In the Second of a series, Modern Matter pays tribute to the late, great Claire de Rouen and her visionary London bookstore by inviting its current owner (and Claire’s former friend), Lucy Moore, to curate her favourite books from its archive.
Litmus Test, by Ed Templeton (Super Labo).
Litmus Test is like a travel diary written by Ed Templeton’s eyes. In 2007, the prolific skateboarder, photographer and painter visited Russia for the first time, spending six days in St Petersburg and Moscow. In the book he made with Toyko-based independent publisher Super Labo, we accompany him as he develops a connection to a new place. Like litmus paper turning irreversibly red after it has been soaked in lemon juice, the photographs document the way that first impressions leave indelible marks upon our memory, shaping what follows.
They’re taken on city streets – at zebra crossings, in public squares, or in the presence of grand monuments. Direct, observant and tender, there’s also a feeling of equivalence between photographer and subject (maybe because Templeton is a skateboarder – and skateboarding is a pavement pastime – requiring familiarity with a city’s hard edges, blind corners and the habits of its wayward pedestrians in order to navigate it with ease).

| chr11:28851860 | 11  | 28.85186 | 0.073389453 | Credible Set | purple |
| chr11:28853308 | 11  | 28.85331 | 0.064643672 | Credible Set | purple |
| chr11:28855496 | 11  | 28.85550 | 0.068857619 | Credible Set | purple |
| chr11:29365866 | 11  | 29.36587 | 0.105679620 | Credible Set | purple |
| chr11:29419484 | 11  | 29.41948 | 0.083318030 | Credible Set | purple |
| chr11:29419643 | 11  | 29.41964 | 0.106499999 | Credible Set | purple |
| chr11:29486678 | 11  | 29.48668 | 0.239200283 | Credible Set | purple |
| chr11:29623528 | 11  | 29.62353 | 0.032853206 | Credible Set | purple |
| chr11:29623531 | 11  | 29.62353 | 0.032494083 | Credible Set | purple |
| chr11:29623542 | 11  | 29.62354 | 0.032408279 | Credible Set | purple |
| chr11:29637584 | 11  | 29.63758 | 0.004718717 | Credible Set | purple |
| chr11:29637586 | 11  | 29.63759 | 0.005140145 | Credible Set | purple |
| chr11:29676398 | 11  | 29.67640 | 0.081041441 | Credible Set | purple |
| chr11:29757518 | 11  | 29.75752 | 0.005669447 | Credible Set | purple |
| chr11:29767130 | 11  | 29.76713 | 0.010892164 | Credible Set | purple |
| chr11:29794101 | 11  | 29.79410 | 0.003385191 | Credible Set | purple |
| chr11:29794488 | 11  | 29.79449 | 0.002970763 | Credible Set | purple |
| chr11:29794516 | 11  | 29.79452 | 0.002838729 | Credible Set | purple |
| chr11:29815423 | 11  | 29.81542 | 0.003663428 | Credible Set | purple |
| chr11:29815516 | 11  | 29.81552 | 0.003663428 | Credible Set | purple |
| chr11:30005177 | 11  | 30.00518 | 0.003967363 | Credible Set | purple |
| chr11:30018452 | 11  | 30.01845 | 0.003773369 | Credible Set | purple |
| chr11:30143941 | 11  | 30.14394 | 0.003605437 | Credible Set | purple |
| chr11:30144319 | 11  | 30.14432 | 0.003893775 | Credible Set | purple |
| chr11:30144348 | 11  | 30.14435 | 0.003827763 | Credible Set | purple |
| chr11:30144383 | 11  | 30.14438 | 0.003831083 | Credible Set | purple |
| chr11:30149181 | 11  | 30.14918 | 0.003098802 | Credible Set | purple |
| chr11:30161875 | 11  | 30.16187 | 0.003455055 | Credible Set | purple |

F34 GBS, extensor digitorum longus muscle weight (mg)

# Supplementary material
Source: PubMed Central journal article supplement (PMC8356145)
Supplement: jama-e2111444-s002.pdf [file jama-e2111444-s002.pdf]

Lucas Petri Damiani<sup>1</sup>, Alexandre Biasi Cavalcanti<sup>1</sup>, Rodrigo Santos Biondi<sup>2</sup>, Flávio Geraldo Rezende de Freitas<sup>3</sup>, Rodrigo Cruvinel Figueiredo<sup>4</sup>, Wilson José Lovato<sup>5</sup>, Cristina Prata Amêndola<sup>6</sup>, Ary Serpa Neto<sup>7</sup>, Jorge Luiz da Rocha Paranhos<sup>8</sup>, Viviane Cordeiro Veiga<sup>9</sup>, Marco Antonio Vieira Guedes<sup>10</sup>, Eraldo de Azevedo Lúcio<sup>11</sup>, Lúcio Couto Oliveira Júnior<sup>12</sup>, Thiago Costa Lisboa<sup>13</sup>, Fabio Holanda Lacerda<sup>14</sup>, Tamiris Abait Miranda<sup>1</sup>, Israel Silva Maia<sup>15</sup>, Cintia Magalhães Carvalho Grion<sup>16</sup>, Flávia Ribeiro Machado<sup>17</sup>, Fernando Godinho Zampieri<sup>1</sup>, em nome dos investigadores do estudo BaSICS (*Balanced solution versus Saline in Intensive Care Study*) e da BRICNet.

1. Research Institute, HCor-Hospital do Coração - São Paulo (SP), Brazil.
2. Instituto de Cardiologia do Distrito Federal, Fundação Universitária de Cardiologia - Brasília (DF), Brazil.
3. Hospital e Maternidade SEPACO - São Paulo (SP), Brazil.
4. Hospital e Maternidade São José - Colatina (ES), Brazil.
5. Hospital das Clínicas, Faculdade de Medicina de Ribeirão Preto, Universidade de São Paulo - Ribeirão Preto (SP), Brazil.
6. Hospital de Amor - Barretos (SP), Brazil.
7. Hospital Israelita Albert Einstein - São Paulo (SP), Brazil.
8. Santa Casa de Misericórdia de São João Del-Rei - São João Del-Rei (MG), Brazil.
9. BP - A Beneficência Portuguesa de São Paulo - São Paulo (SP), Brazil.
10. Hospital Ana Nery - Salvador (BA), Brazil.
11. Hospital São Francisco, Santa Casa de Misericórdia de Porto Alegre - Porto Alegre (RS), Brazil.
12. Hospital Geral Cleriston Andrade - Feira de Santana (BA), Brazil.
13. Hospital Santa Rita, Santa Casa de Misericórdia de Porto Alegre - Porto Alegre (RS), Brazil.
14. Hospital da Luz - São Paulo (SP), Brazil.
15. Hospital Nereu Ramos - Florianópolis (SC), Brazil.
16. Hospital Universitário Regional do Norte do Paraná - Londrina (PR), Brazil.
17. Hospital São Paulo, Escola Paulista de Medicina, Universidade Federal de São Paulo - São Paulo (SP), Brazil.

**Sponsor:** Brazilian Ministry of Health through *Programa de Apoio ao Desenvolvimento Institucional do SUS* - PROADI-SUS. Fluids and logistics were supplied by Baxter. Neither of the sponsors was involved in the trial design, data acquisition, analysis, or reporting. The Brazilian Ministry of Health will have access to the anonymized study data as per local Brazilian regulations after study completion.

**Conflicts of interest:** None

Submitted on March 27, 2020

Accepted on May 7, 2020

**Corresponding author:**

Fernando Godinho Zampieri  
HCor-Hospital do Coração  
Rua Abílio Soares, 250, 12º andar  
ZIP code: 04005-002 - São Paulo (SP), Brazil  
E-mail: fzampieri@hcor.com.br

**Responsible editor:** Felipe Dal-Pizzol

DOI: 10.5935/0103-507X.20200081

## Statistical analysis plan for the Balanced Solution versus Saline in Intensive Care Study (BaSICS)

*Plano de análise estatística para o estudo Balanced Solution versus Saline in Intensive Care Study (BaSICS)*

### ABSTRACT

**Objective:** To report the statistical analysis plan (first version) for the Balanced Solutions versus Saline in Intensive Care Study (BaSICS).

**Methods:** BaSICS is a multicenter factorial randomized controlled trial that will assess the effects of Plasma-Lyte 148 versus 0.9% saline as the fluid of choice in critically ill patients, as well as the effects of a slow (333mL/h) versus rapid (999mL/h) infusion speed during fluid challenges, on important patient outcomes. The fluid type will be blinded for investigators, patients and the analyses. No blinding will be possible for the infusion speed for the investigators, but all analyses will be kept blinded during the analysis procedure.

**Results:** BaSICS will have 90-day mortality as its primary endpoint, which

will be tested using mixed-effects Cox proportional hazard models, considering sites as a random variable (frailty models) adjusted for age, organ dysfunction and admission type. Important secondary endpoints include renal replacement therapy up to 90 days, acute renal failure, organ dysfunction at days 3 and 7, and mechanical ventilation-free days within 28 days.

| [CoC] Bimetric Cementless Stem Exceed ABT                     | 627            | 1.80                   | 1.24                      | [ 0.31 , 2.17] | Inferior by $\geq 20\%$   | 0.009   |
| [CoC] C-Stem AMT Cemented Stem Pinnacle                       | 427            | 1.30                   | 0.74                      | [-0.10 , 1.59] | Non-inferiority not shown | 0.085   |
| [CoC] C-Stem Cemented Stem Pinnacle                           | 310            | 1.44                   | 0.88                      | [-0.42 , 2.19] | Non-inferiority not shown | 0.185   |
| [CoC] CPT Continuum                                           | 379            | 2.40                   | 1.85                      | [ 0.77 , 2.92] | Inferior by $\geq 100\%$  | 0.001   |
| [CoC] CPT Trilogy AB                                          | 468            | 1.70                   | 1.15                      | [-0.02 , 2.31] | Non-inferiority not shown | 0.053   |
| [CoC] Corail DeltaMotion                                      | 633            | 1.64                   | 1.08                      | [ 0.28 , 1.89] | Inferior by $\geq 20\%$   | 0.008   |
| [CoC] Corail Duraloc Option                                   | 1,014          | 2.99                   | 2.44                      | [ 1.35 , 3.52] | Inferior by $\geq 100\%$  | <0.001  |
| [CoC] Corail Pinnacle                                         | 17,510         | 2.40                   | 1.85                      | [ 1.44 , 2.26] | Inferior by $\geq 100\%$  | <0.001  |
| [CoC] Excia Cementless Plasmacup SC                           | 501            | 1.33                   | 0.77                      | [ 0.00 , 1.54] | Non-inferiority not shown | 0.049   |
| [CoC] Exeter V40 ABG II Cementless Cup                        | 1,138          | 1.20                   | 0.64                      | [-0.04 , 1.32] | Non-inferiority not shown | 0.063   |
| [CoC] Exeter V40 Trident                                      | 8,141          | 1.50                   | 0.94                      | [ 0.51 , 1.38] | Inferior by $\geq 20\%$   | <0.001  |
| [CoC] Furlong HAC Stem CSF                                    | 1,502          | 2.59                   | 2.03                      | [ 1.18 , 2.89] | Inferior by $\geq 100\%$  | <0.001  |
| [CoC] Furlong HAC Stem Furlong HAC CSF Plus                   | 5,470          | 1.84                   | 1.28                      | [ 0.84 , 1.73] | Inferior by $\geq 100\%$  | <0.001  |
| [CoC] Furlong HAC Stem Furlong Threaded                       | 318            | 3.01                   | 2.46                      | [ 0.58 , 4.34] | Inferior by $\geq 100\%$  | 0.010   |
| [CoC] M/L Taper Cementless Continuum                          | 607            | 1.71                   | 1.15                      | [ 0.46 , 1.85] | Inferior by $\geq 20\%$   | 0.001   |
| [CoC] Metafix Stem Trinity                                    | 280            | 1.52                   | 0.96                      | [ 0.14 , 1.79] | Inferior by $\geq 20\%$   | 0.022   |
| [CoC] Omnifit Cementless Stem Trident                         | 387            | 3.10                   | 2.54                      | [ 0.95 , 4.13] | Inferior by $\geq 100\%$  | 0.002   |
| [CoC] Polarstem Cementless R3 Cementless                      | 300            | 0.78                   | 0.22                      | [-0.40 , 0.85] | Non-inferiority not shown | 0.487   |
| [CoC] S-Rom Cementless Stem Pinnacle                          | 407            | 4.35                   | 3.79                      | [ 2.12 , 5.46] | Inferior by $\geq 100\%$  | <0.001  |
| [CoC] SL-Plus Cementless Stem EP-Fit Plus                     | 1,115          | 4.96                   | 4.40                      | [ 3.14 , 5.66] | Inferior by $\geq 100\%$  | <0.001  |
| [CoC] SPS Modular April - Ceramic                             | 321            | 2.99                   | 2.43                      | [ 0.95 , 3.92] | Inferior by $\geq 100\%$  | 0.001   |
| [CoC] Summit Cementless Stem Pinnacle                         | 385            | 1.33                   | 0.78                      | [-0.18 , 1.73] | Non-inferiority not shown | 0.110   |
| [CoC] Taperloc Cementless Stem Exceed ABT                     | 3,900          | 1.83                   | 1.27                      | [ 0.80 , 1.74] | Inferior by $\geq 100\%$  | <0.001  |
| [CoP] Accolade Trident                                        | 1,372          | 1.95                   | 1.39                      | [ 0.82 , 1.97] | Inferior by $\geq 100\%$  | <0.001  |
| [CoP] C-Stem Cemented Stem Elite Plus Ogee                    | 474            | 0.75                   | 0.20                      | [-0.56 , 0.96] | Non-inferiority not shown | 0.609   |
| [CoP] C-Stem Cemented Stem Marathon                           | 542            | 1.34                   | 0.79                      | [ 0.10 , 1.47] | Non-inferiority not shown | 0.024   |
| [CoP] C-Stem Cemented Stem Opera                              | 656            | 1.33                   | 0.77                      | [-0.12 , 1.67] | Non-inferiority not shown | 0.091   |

In Litmus Test, a picture of a naked woman standing in a doorway sits opposite a photo of a street peddler patiently holding flowers and puppets in his hands – he might almost be offering them to her across the page. A girl with a face whose expression of pathos belies her youth gazes out of the passenger seat of a car. Women on horseback cross the street at night. These anachronisms are testament to the surreal effects of the Iron Curtain being drawn open – tradition and capitalism still hold hands, awkwardly.
My favourite image is of teenage kissers (the title of another great Templeton book published by Super Labo). A boy has grabbed his girlfriend’s face in his hand and is kissing her cheek. Her expression is a mixture of pleasure and disgust. We’ve all been there!